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Pharmacokinetics and Metabolism in Drug Design 15 Edited by D. A. Smith, H. van de Waterbeemd, D. K. Walker, R. Mannhold, H. Kubinyi, H. Timmerman I
Copyright © 2001 Wiley-VCH Verlag GmbH ISBNs: 3-527-30197-6 (Hardcover); 3-527-60021-3 (Electronic)
ADME Absorption, distribution, metabolism and excretion
CNS Central nervous system
CYP2D6 Cytochrome P450 2D6 enzyme
GIT Gastrointestinal tract
PET Positive emission tomography
Average amount of drug in the body over a dosing interval Maximum amount of drug in the body over a dosing interval Minimum amount of drug in the body over a dosing interval Area under plasma concentration time curve Initial concentration after i. v. dose Average plasma concentration at steady state Free (unbound) plasma concentration Initial free (unbound) plasma concentration Steady state concentration Clearance Unbound clearance Hepatic clearance Intrinsic clearance Intrinsic clearance of unbound drug Oral clearance Plasma clearance Renal clearance Systemic clearance Dose
Extraction Fractional response Maximum response
A . -^min
16 2 Pharmacokinetics
F Fraction of dose reaching systemic circulation (bioavailability)
fu Fraction of drug unbound
KA Affinity constant
KB Dissociation constant for a competitive antagonist
Kd Dissociation constant
kel Elimination rate constant
Km Affinity constant (concentration at 50 % ymax)
ko Infusion rate
k+1 Receptor on rate
k-1 Receptor off rate
log D74 Distribution coefficient (octanol/buffer) at pH 7.4
ln2 Natural logarithm of 2 (i. e. 0.693)
pA2 Affinity of antagonist for a receptor (= - log10[KB])
Q Blood flow
RL Receptor ligand complex
RO Receptor occupancy
s Substrate concentration
t time after drug administration
T Dosing interval
t1/2 Elimination half-life
yd Volume of distribution
yd(f) Apparent volume of distribution of free (unbound) drug
ymax Maximum rate of reaction (Michaelis-Menten enzyme kinetics)
8 Dosing interval in terms of half-life (= T/t1/2)
Setting the Scene
Pharmacokinetics is the study of the time course of a drug within the body and incorporates the processes of absorption, distribution, metabolism and excretion (ADME). In general, pharmacokinetic parameters are derived from the measurement of drug concentrations in blood or plasma. The simplest pharmacokinetic concept is that based on total drug in plasma. However, drug molecules may be bound to a greater or lesser extent to the proteins present within the plasma, thus free drug levels may be vastly different from those of total drug levels. Blood or plasma are the traditionally sampled matrices due to (a) convenience and (b) to the fact that the concentrations in the circulation will be in some form of equilibrium with the tissues of the body. Because of analytical difficulties (separation, sensitivity) it is usually the total drug that is measured and used in pharmacokinetic evaluation. Such measurements and analysis are adequate for understanding a single drug in a single species in a number of different situations since both protein binding and the resultant unbound fraction are approximately constant under these conditions. When species or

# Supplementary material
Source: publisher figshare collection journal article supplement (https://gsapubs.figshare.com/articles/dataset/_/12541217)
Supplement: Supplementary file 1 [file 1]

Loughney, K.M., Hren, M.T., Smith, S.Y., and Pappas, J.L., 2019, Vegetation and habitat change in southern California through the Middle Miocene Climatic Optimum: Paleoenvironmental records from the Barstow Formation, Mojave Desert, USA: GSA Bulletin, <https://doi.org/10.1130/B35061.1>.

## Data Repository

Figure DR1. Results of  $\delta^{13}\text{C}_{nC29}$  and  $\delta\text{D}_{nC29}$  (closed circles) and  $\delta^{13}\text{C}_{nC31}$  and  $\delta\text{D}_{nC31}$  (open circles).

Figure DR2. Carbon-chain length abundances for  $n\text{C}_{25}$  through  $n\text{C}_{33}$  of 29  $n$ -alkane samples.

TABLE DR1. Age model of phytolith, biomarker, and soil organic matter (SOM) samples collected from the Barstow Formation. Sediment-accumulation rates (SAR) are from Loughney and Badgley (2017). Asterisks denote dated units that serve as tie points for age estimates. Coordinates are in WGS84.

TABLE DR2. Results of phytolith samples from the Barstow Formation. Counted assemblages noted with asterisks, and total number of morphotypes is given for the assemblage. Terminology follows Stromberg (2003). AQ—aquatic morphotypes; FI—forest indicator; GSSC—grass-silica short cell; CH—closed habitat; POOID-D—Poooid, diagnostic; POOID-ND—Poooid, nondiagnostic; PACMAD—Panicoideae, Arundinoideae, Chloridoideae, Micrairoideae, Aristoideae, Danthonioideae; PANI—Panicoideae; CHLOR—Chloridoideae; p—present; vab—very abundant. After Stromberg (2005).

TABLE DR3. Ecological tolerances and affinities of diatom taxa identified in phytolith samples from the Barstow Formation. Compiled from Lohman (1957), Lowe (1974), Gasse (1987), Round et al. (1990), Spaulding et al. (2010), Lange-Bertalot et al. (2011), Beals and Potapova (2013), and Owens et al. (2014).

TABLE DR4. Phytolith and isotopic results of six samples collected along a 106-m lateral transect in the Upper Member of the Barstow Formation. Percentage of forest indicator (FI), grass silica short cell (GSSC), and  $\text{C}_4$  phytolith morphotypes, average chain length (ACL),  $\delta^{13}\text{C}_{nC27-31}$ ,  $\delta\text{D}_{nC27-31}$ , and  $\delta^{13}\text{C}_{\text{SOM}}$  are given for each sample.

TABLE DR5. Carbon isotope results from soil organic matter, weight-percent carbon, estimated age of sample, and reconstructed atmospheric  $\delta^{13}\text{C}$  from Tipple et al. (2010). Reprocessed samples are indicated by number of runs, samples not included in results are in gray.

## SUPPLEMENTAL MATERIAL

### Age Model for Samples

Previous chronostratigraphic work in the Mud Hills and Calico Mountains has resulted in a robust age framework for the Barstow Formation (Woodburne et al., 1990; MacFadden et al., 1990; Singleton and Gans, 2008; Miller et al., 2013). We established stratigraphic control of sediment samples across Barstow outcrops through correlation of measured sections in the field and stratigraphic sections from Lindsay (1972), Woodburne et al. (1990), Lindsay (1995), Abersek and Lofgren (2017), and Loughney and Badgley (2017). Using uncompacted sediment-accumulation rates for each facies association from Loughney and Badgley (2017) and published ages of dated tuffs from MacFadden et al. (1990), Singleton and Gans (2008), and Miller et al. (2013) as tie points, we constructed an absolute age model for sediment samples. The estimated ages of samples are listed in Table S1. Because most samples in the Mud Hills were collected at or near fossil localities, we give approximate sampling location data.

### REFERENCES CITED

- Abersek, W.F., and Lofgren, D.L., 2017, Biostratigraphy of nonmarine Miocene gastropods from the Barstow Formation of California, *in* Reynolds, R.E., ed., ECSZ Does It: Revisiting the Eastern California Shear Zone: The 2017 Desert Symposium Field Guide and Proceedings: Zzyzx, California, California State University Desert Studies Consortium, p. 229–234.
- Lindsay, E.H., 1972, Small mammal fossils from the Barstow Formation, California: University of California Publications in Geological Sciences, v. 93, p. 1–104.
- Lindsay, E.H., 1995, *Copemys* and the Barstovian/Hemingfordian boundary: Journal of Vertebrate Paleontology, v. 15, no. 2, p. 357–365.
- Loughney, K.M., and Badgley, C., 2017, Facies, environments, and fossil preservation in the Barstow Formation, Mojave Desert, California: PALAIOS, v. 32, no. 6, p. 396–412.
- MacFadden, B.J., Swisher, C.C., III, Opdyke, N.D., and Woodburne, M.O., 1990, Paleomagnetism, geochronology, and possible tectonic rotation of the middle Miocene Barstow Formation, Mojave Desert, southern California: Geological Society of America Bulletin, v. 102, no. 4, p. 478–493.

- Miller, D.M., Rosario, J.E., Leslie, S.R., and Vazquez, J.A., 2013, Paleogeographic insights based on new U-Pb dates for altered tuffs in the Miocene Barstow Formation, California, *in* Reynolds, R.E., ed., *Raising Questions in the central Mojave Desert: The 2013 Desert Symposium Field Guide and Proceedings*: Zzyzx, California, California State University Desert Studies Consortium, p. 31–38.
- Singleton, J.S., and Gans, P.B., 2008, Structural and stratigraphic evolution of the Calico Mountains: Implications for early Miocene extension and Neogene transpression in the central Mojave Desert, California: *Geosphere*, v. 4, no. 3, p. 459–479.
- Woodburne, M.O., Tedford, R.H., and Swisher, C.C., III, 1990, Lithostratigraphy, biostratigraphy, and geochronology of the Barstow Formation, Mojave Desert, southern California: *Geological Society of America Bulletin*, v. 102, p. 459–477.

2.2 Intravenous Administration: Volume of Distribution 117
drugs are compared, certain difficulties arise in the use of total drug and unbound (free) drug is a more useful measure (see below).
Intravenous Administration: Volume of Distribution
When a drug is administered intravenously into the circulation the compound undergoes distribution into tissues etc. and clearance. For a drug that undergoes rapid distribution a simple model can explain the three important pharmacokinetic terms: volume of distribution, clearance and half-life.
Volume of distribution (Vd) is a theoretical concept that connects the administered dose with the actual initial concentration (C0) present in the circulation. The relationship is shown below:
Vd = Dose/C0 (2.1)
For a drug that is confined solely to the circulation (blood volume is 80 mL kg-1) the volume of distribution will be 0.08 L kg-1. Distribution into total body water (800 mL kg-1) results in a volume of distribution of 0.8 L kg-1. Beyond these values the number has only a mathematical importance. For instance a volume of distribution of 2 L kg-1 means only, that less than 5 % of the drug is present in the circulation. The drug may be generally distributed to many tissues and organs or concentrated in only a few.